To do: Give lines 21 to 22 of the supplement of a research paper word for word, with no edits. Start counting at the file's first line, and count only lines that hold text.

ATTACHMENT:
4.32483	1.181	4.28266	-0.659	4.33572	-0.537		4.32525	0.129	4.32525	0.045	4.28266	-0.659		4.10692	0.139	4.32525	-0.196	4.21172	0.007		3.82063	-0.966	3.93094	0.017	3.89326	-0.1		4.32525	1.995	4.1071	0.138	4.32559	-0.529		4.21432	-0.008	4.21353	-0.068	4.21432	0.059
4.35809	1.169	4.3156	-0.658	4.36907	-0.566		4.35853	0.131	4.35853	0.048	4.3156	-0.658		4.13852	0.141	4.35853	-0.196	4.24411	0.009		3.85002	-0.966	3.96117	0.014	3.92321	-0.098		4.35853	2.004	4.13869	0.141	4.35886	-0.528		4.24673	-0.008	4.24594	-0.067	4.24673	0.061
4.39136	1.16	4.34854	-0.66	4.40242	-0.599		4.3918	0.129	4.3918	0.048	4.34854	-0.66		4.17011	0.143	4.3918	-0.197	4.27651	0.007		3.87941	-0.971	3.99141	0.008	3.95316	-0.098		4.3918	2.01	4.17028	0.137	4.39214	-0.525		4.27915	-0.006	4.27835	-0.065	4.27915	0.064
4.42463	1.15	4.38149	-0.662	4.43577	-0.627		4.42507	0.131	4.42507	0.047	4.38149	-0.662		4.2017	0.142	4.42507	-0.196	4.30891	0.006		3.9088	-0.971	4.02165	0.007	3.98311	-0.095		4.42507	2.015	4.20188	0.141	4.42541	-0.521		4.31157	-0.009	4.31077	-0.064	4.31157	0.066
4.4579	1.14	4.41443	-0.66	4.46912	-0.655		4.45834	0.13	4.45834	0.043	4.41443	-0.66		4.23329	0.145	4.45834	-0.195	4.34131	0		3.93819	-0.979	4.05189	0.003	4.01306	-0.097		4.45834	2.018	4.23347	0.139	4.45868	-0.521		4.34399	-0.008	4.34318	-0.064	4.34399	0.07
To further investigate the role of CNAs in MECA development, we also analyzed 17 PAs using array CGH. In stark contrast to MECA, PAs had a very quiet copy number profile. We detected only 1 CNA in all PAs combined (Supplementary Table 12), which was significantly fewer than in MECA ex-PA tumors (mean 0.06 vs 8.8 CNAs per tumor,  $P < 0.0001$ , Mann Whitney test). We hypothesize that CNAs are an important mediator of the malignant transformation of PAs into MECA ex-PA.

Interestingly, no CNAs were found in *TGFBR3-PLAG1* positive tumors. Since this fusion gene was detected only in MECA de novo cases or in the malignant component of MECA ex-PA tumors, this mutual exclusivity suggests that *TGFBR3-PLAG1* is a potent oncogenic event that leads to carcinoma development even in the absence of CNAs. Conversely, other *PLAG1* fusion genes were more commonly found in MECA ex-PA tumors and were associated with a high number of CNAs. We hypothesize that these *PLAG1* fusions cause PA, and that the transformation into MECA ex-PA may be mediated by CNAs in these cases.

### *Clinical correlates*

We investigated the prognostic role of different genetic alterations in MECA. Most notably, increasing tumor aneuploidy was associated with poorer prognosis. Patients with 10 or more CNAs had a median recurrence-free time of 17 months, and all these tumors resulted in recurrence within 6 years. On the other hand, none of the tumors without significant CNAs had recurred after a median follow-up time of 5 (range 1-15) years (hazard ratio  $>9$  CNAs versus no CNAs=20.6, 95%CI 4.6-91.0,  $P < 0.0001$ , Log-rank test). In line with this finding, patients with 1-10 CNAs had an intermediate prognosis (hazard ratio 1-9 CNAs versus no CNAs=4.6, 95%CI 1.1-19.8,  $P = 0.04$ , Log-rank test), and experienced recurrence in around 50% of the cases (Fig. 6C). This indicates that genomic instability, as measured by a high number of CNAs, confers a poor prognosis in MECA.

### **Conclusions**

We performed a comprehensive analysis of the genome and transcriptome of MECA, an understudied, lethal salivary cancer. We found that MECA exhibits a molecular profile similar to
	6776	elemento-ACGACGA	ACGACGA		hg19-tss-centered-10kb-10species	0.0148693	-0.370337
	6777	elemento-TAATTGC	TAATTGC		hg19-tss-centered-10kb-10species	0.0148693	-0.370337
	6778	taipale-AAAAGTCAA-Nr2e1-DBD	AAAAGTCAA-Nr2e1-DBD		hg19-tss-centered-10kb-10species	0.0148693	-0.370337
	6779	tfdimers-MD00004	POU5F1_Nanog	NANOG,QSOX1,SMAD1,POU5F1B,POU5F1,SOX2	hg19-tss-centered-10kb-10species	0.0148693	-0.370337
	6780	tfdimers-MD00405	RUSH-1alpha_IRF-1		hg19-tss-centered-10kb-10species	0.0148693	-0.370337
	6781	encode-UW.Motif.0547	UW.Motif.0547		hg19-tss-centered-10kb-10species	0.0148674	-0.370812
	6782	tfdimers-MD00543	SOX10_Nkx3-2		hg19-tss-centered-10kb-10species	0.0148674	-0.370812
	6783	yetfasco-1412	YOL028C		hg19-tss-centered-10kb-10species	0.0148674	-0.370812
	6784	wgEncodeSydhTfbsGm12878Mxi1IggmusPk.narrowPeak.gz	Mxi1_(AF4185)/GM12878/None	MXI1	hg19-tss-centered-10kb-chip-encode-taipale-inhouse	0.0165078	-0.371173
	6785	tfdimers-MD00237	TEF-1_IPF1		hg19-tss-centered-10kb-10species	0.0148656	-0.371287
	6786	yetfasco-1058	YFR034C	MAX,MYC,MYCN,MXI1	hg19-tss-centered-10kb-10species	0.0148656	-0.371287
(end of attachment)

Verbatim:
	6785	tfdimers-MD00237	TEF-1_IPF1		hg19-tss-centered-10kb-10species	0.0148656	-0.371287
	6786	yetfasco-1058	YFR034C	MAX,MYC,MYCN,MXI1	hg19-tss-centered-10kb-10species	0.0148656	-0.371287